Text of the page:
Because sometimes the problem isn't that the prospective querier doesn't know those things; sometimes it's that they're not applying them right, and they don't even realize it. It doesn't do any good to say, "You have to talk about what happens in the story," if the prospective querier blinks and says, "I thought I did." When you're stripping out massive amounts of detail -- and you have to, if you're condensing an entire novel down to a couple of paragraphs -- it's far too easy to overshoot and strip out too much detail. But the querier knows those details; they've got a whole book's worth of details in their head. So they don't necessarily realize that to the query-reader, "an old heartbreak" doesn't have the same connotations as "the man who claimed to love her so he could cheat off her exam and steal her place in a prestigious apprenticeship, thus ruining her career." Or that "crossing a line she never wanted to approach" doesn't immediately conjure up "doing the same thing she's been trying to stop the bad guy from doing, by sending her daughter into the enemy's camp where she'll be subjected to destructive brainwashing, in hopes that the kid can hold it together long enough to ferret out the enemy's weakness from the inside, and oh yeah, also lying to the man she loves and using him against his friends." Or whatever your complex and hard-to-explain fictional situation might be.

It's somewhat the same problem that a writer faces when setting a scene or revealing a character's backstory. The difference is that in a novel, you can just use more words (hopefully interesting ones) if you need to make something clearer. In a query, you're working under an artificial and extremely tight word limit, and every extra-word-for-clarification you give to one thing will have to be taken away from something else.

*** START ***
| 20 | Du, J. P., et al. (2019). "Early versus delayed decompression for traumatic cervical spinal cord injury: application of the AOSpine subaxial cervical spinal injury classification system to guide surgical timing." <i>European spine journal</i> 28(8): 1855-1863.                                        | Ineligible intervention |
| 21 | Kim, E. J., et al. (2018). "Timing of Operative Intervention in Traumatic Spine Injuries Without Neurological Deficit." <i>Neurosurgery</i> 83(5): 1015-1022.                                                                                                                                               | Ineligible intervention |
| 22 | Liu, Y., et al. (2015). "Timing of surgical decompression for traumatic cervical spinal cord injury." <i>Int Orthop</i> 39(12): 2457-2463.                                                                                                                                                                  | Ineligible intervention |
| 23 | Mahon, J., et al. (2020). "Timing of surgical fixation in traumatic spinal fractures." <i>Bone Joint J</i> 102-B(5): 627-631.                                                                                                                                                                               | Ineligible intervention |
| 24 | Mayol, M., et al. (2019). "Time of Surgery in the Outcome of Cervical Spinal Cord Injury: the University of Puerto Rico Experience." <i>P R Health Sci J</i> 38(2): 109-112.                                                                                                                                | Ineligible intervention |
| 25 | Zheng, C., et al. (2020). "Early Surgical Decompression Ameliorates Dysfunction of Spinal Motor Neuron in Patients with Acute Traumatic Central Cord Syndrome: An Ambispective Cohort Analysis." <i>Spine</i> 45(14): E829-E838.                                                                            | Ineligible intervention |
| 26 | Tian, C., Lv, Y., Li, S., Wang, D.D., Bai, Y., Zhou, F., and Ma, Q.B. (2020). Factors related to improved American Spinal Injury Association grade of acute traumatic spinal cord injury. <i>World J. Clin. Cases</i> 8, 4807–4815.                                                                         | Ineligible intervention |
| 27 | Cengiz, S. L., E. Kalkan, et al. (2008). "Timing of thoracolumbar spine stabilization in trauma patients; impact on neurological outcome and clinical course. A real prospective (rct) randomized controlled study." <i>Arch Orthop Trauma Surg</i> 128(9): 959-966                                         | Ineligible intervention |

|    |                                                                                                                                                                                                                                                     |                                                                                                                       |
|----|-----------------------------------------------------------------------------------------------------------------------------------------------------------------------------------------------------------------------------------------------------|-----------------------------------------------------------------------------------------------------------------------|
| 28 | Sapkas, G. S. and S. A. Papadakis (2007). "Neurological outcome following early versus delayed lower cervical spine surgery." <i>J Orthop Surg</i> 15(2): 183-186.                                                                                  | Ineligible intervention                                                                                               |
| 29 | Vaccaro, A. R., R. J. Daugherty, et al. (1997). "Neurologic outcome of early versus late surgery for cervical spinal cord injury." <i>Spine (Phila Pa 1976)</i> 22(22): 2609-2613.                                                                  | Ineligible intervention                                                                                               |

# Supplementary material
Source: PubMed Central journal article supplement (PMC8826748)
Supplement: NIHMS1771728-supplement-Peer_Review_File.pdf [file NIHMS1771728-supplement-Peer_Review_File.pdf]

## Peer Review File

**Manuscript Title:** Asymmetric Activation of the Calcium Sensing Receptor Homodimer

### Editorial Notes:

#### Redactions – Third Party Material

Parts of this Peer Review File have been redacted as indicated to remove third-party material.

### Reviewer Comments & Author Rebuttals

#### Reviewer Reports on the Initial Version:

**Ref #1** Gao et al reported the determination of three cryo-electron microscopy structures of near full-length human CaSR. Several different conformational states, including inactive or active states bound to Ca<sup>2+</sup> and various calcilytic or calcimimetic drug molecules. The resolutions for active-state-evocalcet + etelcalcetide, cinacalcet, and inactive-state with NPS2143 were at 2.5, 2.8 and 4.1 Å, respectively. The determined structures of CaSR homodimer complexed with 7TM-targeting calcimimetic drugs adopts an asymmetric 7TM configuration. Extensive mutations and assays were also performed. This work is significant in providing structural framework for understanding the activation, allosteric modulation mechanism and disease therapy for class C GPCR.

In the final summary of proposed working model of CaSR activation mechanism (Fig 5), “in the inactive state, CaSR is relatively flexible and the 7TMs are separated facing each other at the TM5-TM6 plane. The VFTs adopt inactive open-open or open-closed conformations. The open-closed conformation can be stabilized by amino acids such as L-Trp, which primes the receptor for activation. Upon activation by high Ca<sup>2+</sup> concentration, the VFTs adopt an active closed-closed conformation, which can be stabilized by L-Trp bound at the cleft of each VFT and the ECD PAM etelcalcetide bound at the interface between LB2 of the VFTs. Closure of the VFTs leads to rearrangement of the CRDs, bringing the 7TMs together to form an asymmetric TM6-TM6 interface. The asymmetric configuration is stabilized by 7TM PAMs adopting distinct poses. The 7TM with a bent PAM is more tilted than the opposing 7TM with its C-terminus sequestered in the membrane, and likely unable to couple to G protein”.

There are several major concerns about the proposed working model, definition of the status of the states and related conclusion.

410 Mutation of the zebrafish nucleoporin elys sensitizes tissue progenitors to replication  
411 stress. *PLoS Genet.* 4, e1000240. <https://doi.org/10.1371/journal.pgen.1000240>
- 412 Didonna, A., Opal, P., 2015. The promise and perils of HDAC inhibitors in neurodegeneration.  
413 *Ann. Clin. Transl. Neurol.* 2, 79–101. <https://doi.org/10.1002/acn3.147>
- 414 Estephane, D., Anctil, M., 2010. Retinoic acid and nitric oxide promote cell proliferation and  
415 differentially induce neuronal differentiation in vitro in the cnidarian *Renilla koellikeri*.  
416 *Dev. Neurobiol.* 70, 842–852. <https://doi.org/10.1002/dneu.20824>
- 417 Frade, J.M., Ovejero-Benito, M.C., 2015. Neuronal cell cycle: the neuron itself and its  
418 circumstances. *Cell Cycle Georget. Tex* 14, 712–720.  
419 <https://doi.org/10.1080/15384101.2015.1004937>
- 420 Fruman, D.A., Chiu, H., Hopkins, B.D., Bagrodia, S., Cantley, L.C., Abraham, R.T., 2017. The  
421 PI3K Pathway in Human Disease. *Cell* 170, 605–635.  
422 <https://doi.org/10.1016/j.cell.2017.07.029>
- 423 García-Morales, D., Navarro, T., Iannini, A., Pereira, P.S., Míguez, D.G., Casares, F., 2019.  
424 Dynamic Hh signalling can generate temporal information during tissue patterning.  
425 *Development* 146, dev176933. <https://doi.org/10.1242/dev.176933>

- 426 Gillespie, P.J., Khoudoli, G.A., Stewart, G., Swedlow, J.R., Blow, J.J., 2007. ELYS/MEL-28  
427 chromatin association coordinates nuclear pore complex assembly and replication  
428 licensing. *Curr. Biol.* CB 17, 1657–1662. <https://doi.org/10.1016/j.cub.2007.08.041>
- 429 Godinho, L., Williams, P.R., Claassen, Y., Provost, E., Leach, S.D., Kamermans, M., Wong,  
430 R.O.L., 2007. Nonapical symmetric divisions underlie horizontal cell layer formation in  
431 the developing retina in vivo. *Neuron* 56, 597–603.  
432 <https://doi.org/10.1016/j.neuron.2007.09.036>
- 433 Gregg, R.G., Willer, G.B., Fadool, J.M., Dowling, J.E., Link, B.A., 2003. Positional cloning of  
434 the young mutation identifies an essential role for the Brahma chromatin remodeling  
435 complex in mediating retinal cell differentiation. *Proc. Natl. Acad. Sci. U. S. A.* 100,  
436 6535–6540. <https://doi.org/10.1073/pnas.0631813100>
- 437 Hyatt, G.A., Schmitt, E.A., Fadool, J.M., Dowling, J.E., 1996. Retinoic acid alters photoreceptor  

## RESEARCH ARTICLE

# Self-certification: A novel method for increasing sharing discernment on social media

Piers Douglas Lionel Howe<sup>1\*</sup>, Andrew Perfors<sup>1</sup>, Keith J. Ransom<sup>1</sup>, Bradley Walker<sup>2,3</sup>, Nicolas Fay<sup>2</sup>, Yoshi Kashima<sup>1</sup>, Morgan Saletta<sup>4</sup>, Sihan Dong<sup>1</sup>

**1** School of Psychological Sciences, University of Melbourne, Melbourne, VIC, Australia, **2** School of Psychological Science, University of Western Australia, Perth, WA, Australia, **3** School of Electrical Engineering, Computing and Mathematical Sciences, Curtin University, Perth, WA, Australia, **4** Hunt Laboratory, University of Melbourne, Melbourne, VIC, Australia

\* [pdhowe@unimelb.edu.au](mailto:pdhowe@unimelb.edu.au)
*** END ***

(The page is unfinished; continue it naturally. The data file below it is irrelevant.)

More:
This type of querier doesn't need the same beginner-level advice all over again; what they need is enough perspective, enough separation from their own work, to realize that what to them is a very significant statement is next to meaningless for someone who hasn't been living eyebrow-deep in this story for years. That's hard. It's even harder than getting enough perspective to be able to critique your own story, and we all know how hard that is.

If anyone's got any tips on how to achieve that perspective, I'd love to hear 'em.
lizvogel: Good / Bad (Good Bad)
For the love of god, somebody, please, link me to a place where I can have an intelligent ongoing multi-person discussion about writing with people who (a) know what they're talking about and (b) have basic reading-comprehension skills.
lizvogel: Good / Bad (Good Bad)
Note: Although this was inspired by the recent AO3 fallout, it's really an open comment on fandom in general, past, present, and future. I'm not a member of the OTW, I only use AO3 if that's where a story I want to read happens to be, and I don't know any of the people involved. But I've seen this kind of crap many times in many places, and I've been on the receiving end enough that I now do a lot less for fandom than I otherwise would. I see the damage that it causes.


It's an unfortunate truism that Fandom Eats Its Own. Anyone who has ever produced something for fandom at large (and the larger the something, the worse it gets) knows this. You work your heart out on making this shiny fun thing, be it a website or a fanzine or a convention or whatever, and you do your best to make it work as well as possible for the wide variety of people who are going to use it. You generally do it for free, and you do it in whatever spare time you can steal away from all the other demands in your life. You do it because you think the thing, whatever it is, is cool, and because you want to give something back to the fandom that you've gotten so much out of.